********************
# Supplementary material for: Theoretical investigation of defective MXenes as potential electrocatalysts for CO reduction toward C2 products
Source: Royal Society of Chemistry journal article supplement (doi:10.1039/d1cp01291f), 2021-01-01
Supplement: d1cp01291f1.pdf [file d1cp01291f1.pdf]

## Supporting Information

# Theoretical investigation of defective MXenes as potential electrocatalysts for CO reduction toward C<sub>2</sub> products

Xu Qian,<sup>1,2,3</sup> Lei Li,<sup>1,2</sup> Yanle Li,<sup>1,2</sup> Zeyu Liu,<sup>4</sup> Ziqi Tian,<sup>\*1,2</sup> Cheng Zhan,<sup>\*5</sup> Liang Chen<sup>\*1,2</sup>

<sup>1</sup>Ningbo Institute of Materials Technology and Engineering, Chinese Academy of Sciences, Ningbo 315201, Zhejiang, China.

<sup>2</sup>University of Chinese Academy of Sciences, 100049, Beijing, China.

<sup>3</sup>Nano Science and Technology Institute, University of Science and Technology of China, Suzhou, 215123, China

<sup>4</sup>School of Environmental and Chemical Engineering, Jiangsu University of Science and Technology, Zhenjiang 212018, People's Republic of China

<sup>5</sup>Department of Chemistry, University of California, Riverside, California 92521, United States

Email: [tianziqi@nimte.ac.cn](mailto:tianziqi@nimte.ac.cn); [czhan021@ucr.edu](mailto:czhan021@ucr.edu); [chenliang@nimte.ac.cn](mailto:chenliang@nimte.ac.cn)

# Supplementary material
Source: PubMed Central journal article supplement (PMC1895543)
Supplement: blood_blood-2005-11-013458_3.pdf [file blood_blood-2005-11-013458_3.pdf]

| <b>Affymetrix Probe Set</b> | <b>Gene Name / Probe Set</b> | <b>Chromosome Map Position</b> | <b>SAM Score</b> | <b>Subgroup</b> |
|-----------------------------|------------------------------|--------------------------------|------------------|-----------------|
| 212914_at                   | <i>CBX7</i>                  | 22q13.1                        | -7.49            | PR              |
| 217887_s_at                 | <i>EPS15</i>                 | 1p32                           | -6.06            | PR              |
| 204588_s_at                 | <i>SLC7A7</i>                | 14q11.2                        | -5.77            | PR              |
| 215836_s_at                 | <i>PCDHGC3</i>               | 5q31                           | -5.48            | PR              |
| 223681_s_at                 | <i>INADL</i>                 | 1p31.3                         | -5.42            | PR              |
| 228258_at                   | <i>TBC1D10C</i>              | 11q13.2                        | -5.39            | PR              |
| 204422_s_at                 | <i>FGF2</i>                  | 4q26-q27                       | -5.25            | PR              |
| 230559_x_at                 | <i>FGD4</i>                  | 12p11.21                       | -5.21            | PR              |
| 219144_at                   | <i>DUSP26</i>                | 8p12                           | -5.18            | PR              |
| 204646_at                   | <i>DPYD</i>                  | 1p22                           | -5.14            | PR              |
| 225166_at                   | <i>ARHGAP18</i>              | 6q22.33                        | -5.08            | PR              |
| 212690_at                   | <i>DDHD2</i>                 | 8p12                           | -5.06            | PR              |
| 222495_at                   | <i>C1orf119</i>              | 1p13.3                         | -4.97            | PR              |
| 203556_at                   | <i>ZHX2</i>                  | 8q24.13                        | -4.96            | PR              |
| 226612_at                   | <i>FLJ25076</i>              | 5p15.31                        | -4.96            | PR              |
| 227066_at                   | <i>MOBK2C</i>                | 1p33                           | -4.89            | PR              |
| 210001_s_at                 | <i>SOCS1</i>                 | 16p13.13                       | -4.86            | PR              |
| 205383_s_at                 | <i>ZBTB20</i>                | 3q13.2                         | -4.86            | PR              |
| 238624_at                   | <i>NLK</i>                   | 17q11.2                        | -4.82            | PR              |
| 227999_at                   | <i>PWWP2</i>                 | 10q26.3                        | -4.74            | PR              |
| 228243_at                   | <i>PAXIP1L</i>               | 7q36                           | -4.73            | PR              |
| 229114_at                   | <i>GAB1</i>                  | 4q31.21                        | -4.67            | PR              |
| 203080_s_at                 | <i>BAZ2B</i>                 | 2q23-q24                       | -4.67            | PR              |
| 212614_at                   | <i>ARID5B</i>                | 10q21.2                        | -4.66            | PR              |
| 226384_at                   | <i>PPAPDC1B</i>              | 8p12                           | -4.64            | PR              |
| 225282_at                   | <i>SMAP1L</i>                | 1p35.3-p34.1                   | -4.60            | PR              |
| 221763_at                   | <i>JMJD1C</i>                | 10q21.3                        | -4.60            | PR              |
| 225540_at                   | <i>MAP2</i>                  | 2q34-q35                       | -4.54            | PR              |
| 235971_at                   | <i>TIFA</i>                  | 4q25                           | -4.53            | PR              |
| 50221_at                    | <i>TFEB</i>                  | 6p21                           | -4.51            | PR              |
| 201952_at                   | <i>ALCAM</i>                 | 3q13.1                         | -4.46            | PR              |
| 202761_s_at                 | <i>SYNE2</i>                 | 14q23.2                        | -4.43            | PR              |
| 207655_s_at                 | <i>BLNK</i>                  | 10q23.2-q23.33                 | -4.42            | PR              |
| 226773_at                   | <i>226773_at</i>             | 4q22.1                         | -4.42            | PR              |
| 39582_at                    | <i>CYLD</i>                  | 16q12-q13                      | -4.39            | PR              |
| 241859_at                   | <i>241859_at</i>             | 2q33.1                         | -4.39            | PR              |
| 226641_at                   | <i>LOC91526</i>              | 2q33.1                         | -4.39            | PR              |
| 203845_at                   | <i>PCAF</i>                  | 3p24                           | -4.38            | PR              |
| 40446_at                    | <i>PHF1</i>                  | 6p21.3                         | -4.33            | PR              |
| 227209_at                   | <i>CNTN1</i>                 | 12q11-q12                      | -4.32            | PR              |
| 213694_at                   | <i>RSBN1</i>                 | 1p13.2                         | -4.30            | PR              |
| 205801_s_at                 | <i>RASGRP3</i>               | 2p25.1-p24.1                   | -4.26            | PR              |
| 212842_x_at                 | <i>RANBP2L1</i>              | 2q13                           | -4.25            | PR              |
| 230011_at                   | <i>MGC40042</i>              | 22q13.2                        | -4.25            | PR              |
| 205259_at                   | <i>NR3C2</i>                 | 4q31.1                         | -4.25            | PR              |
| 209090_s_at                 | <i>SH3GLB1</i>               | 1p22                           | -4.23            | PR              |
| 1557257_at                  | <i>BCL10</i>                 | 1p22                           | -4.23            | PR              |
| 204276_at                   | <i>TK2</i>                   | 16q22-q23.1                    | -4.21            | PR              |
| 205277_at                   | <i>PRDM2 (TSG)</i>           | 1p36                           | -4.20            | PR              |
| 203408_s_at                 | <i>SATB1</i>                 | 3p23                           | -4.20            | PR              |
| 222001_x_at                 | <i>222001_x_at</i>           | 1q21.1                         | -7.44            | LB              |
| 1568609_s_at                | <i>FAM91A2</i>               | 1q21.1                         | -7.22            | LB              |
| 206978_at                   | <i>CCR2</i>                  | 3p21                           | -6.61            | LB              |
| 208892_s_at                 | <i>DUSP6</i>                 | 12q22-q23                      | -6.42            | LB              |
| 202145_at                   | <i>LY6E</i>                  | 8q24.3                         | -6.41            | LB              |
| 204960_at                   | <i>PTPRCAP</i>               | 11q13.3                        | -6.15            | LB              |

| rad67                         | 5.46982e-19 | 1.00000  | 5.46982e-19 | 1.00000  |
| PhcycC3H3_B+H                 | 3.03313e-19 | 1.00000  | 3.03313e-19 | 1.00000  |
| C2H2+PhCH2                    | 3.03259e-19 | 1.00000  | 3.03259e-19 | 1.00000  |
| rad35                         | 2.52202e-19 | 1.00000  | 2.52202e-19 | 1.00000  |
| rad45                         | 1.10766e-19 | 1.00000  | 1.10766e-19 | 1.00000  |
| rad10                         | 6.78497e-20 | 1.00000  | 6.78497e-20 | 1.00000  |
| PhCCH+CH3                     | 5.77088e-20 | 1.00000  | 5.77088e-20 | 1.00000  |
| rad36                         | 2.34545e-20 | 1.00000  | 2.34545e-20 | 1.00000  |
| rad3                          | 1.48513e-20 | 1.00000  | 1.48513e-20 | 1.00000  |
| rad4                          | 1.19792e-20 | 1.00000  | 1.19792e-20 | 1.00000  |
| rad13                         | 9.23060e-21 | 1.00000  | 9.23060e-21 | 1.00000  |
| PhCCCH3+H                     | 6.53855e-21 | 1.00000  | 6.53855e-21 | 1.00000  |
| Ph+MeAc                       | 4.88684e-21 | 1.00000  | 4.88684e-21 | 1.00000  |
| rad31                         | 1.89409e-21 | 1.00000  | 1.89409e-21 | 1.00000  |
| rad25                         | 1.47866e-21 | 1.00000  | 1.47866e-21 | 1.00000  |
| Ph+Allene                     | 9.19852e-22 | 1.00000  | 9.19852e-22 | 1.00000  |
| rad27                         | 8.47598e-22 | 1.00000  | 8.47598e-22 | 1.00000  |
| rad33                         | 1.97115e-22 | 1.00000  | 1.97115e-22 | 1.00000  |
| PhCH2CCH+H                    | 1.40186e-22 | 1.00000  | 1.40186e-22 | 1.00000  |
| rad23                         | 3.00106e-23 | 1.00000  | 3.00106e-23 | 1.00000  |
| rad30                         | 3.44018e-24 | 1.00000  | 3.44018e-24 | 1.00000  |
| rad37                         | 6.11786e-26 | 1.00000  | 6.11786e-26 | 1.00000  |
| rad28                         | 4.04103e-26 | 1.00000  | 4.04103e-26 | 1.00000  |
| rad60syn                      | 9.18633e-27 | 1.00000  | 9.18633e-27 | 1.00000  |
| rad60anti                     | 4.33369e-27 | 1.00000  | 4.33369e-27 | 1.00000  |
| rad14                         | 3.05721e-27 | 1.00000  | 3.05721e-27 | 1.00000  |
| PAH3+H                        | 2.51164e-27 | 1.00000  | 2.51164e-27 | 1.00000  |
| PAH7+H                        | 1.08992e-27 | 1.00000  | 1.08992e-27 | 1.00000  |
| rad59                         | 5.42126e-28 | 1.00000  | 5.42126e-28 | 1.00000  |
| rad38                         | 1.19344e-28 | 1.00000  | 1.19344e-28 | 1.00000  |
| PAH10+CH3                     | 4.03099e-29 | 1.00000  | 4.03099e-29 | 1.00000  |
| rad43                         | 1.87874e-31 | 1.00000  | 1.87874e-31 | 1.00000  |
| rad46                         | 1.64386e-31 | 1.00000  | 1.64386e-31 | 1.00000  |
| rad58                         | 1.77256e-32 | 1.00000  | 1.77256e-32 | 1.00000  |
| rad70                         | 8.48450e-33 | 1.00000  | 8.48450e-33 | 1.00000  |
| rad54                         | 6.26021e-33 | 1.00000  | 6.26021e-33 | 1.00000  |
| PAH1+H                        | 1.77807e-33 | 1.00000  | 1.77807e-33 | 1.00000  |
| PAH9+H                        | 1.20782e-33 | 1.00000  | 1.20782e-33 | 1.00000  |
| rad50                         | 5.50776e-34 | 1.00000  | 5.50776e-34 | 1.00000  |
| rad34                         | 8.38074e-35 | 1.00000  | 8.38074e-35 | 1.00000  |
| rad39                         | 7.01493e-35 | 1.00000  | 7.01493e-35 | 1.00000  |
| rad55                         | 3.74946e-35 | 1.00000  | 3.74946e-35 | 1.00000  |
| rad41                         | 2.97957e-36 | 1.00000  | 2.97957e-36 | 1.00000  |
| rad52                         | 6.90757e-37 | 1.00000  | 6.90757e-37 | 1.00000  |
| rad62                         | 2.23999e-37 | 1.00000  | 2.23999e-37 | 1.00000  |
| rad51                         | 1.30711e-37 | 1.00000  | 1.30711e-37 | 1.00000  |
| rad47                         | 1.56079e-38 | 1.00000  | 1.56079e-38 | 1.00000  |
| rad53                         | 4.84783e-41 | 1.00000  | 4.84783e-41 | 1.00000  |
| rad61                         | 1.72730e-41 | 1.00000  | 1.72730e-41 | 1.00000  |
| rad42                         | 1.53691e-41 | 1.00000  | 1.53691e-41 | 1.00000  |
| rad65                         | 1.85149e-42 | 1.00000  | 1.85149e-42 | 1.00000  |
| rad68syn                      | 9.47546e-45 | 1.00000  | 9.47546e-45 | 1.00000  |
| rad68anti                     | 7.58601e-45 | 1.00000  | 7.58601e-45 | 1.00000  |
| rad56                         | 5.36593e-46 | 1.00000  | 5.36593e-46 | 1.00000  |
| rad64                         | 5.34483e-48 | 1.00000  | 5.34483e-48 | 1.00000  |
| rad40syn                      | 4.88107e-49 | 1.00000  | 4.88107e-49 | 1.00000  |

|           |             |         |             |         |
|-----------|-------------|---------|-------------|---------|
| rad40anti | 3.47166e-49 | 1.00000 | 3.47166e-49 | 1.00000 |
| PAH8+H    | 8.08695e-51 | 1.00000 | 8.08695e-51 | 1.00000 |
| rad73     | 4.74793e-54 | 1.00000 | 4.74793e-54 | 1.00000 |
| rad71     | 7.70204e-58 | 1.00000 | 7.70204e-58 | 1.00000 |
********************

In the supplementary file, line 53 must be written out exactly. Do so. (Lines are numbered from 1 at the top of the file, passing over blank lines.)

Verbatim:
| 241859_at                   | <i>241859_at</i>             | 2q33.1                         | -4.39            | PR              |